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John Pilgers' book entitled "Freedon Next time"

http://www.amazon.co.uk/gp/product/0...lance&n=266239

Very apt given the ongoing crisis in the Middle East and some very surprising insights into India and South Africa
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18-08-2006, 18:57   #25
 
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At the Moment I’m reading;

George Galloway : I’m not the only one. Its a really fascinating and funny book with a very biased view of the middle east.

George Stiglitz : Globalisation and its discontents. Former chief economist of the world bank criticises the world bank!

Fintan O'Toole : After the Ball. Another great book about the Celtic tiger and where it came from and who it benefited but most who it disadvantaged or were left behind.

These three books are enjoyable to read, I'm stufying politics in trinity and many of the academic books are pretty boring just good for reference etc if anybody want to know them just pm me.
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03-09-2006, 20:51   #26
 
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'Six days: how the 1967 war shaped the middle east' by Jeremy Bowen. A detailed hour by hour account of events, accurately understood by only a few insiders at the time and mythologised since. Remarkable for the large number of Thucycides-style first person accounts gathered from a wide range of sources. For the english language reader it is a great contribution to what we know.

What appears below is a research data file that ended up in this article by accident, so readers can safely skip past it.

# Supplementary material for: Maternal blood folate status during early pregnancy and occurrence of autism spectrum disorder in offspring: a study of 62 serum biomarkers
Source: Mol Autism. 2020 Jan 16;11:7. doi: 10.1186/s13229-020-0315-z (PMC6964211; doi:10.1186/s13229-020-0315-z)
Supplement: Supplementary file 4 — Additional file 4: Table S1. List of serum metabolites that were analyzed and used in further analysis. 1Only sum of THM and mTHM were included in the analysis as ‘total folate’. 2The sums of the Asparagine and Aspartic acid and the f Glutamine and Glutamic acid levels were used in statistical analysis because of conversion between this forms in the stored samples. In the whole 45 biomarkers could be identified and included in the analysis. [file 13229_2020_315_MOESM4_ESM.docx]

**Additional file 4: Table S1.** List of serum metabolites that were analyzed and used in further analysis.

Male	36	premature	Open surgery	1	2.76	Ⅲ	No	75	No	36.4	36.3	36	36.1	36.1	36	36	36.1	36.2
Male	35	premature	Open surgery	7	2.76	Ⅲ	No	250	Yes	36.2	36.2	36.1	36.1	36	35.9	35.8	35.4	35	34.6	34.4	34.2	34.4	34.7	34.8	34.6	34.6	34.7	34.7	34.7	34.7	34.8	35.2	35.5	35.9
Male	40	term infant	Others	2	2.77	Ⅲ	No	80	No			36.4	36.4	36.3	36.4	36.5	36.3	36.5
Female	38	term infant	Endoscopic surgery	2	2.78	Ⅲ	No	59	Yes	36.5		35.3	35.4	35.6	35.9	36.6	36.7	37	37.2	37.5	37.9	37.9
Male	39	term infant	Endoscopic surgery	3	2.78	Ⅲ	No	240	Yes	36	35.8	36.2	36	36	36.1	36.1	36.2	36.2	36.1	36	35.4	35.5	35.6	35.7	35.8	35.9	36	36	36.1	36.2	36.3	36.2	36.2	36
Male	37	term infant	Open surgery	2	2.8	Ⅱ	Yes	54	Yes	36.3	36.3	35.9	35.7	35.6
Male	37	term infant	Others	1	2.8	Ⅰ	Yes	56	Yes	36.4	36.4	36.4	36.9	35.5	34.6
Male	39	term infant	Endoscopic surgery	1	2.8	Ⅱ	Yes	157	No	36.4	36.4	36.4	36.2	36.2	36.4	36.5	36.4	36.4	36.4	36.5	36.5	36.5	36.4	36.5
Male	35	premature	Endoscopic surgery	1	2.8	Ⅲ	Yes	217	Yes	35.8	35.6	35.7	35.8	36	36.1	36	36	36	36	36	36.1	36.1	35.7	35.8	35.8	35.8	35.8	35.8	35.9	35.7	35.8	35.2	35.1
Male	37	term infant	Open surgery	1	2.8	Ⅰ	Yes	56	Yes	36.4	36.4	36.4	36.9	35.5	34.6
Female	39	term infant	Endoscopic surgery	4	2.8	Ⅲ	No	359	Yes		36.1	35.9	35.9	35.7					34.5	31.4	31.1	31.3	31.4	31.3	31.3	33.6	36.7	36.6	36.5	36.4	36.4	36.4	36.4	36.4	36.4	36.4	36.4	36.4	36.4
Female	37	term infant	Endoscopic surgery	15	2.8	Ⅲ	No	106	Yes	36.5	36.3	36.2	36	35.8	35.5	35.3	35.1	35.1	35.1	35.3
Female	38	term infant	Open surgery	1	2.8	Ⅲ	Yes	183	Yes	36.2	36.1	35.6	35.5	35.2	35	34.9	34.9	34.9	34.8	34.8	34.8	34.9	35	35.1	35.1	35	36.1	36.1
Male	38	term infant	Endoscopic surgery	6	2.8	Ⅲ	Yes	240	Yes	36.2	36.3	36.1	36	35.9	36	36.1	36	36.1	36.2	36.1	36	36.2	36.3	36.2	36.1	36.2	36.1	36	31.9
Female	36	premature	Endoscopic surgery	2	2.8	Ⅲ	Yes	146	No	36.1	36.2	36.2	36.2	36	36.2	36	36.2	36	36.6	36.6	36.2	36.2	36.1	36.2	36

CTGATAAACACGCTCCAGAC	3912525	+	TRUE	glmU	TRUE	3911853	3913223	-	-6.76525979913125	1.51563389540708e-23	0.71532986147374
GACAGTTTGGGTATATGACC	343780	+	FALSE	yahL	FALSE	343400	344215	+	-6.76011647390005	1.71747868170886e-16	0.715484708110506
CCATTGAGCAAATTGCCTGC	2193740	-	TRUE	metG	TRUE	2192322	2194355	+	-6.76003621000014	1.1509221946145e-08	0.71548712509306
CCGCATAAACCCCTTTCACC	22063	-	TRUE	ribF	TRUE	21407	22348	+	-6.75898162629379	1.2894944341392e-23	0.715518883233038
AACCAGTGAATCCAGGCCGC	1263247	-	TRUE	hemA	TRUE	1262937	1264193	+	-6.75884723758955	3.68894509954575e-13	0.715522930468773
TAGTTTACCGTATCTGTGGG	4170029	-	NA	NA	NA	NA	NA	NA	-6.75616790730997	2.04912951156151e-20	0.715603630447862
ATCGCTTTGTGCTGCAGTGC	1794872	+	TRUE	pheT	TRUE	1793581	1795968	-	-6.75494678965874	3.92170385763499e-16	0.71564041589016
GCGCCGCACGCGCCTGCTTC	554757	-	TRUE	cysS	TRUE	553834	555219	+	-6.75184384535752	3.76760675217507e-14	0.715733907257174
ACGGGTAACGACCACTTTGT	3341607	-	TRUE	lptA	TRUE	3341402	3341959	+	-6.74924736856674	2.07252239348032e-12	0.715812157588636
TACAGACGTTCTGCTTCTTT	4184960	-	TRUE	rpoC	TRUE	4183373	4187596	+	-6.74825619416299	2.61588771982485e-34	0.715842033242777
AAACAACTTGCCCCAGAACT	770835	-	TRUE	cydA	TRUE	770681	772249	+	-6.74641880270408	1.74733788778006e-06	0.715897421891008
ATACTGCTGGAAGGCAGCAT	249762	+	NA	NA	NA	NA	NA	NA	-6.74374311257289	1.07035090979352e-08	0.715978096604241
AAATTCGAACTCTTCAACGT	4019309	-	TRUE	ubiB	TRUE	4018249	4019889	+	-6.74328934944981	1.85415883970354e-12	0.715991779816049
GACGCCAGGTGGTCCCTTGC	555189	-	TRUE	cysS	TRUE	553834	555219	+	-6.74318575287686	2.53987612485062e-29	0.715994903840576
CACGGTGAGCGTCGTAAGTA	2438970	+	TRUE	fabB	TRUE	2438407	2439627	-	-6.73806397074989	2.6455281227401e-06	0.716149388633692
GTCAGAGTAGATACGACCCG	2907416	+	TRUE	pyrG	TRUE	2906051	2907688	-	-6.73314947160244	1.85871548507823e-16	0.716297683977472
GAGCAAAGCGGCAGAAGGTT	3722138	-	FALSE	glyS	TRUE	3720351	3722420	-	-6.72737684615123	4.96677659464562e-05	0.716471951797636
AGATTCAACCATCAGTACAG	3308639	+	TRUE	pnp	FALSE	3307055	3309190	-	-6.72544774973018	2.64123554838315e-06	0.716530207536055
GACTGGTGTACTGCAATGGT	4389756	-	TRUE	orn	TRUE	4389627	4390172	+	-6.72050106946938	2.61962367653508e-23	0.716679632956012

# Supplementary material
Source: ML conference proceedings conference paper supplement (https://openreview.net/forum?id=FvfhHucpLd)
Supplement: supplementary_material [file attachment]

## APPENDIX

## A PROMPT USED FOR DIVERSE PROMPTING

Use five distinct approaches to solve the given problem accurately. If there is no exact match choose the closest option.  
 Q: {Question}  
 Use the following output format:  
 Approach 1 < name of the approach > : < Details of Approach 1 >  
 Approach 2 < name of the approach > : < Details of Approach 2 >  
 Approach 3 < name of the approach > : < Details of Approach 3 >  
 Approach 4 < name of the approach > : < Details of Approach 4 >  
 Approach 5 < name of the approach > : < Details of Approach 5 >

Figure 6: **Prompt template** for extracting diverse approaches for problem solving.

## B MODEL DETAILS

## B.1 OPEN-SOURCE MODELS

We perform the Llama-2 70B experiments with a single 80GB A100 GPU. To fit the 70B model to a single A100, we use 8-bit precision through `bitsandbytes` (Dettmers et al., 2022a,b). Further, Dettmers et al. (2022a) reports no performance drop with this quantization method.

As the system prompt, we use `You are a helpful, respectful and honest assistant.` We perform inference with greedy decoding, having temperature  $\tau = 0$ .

'I didn't do it for you' by Michaela Wrong (sic). Sometimes blackly hilarious history of 130 years of foreign tyranny ( relieved by a few years of the home-grown kind) by a variety of powers in a small African country. I hope this book stays in print for a long time as it should be recalled by those who would reinstute colonialism in Africa ('temporarily, for their own good, of course, as stepping stone to democracy'.)
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03-09-2006, 23:59   #27